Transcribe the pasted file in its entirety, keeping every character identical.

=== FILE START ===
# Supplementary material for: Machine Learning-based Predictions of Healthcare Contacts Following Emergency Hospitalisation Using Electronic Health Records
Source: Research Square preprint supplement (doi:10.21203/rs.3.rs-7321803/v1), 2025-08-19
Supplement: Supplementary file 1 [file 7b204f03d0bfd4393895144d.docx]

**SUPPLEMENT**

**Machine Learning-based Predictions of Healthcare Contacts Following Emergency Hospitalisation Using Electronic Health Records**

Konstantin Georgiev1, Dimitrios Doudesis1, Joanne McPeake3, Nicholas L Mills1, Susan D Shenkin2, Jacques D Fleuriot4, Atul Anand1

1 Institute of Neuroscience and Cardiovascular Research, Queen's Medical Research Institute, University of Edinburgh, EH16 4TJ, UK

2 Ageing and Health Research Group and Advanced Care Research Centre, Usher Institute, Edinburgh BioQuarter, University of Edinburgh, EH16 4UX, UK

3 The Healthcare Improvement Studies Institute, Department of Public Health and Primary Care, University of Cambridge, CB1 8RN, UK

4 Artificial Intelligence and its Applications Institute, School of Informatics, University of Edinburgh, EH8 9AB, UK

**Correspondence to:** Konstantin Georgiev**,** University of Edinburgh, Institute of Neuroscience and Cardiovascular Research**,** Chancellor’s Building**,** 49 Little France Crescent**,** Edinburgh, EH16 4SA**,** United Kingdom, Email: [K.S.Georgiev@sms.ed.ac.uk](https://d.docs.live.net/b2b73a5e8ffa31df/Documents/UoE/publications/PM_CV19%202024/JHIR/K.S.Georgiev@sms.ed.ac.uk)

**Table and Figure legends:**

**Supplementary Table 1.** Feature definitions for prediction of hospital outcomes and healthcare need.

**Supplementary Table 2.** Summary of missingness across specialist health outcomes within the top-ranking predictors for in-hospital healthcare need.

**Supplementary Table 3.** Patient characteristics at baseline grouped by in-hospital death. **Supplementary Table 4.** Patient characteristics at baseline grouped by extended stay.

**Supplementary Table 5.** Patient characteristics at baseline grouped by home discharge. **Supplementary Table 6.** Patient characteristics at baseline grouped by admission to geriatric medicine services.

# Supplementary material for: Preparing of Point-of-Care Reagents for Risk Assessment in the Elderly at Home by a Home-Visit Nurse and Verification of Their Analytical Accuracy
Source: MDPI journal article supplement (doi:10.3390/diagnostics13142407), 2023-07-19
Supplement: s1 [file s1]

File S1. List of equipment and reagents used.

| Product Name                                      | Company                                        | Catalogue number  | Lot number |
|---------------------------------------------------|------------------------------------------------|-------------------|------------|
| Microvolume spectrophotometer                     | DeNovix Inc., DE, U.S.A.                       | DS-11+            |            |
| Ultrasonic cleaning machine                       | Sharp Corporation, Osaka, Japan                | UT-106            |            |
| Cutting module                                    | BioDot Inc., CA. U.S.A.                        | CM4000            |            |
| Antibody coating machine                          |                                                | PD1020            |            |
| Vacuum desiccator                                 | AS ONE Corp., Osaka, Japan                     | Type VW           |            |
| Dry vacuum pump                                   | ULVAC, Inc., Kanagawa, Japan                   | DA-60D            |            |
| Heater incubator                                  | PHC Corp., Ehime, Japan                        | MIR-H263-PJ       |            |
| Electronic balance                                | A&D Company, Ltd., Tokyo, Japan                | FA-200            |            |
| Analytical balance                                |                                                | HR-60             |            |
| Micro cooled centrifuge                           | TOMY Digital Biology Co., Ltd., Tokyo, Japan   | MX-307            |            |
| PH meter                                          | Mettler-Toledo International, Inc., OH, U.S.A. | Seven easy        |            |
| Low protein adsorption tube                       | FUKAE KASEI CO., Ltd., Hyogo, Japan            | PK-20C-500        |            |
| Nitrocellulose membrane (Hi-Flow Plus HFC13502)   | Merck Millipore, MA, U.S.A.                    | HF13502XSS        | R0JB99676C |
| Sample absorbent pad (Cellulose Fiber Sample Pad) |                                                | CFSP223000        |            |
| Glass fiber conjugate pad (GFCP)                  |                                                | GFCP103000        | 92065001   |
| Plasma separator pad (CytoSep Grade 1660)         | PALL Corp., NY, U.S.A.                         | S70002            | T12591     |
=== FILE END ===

# Supplementary material for: Machine Learning-based Predictions of Healthcare Contacts Following Emergency Hospitalisation Using Electronic Health Records
Source: Research Square preprint supplement (doi:10.21203/rs.3.rs-7321803/v1), 2025-08-19
Supplement: Supplementary file 1 [file 7b204f03d0bfd4393895144d.docx]

**SUPPLEMENT**

**Machine Learning-based Predictions of Healthcare Contacts Following Emergency Hospitalisation Using Electronic Health Records**

Konstantin Georgiev1, Dimitrios Doudesis1, Joanne McPeake3, Nicholas L Mills1, Susan D Shenkin2, Jacques D Fleuriot4, Atul Anand1

1 Institute of Neuroscience and Cardiovascular Research, Queen's Medical Research Institute, University of Edinburgh, EH16 4TJ, UK

2 Ageing and Health Research Group and Advanced Care Research Centre, Usher Institute, Edinburgh BioQuarter, University of Edinburgh, EH16 4UX, UK

3 The Healthcare Improvement Studies Institute, Department of Public Health and Primary Care, University of Cambridge, CB1 8RN, UK

4 Artificial Intelligence and its Applications Institute, School of Informatics, University of Edinburgh, EH8 9AB, UK

**Correspondence to:** Konstantin Georgiev**,** University of Edinburgh, Institute of Neuroscience and Cardiovascular Research**,** Chancellor’s Building**,** 49 Little France Crescent**,** Edinburgh, EH16 4SA**,** United Kingdom, Email: [K.S.Georgiev@sms.ed.ac.uk](https://d.docs.live.net/b2b73a5e8ffa31df/Documents/UoE/publications/PM_CV19%202024/JHIR/K.S.Georgiev@sms.ed.ac.uk)

**Table and Figure legends:**

**Supplementary Table 1.** Feature definitions for prediction of hospital outcomes and healthcare need.

**Supplementary Table 2.** Summary of missingness across specialist health outcomes within the top-ranking predictors for in-hospital healthcare need.

**Supplementary Table 3.** Patient characteristics at baseline grouped by in-hospital death. **Supplementary Table 4.** Patient characteristics at baseline grouped by extended stay.

**Supplementary Table 5.** Patient characteristics at baseline grouped by home discharge. **Supplementary Table 6.** Patient characteristics at baseline grouped by admission to geriatric medicine services.

# Supplementary material for: Preparing of Point-of-Care Reagents for Risk Assessment in the Elderly at Home by a Home-Visit Nurse and Verification of Their Analytical Accuracy
Source: MDPI journal article supplement (doi:10.3390/diagnostics13142407), 2023-07-19
Supplement: s1 [file s1]

File S1. List of equipment and reagents used.

| Product Name                                      | Company                                        | Catalogue number  | Lot number |
|---------------------------------------------------|------------------------------------------------|-------------------|------------|
| Microvolume spectrophotometer                     | DeNovix Inc., DE, U.S.A.                       | DS-11+            |            |
| Ultrasonic cleaning machine                       | Sharp Corporation, Osaka, Japan                | UT-106            |            |
| Cutting module                                    | BioDot Inc., CA. U.S.A.                        | CM4000            |            |
| Antibody coating machine                          |                                                | PD1020            |            |
| Vacuum desiccator                                 | AS ONE Corp., Osaka, Japan                     | Type VW           |            |
| Dry vacuum pump                                   | ULVAC, Inc., Kanagawa, Japan                   | DA-60D            |            |
| Heater incubator                                  | PHC Corp., Ehime, Japan                        | MIR-H263-PJ       |            |
| Electronic balance                                | A&D Company, Ltd., Tokyo, Japan                | FA-200            |            |
| Analytical balance                                |                                                | HR-60             |            |
| Micro cooled centrifuge                           | TOMY Digital Biology Co., Ltd., Tokyo, Japan   | MX-307            |            |
| PH meter                                          | Mettler-Toledo International, Inc., OH, U.S.A. | Seven easy        |            |
| Low protein adsorption tube                       | FUKAE KASEI CO., Ltd., Hyogo, Japan            | PK-20C-500        |            |
| Nitrocellulose membrane (Hi-Flow Plus HFC13502)   | Merck Millipore, MA, U.S.A.                    | HF13502XSS        | R0JB99676C |
| Sample absorbent pad (Cellulose Fiber Sample Pad) |                                                | CFSP223000        |            |
| Glass fiber conjugate pad (GFCP)                  |                                                | GFCP103000        | 92065001   |
| Plasma separator pad (CytoSep Grade 1660)         | PALL Corp., NY, U.S.A.                         | S70002            | T12591     |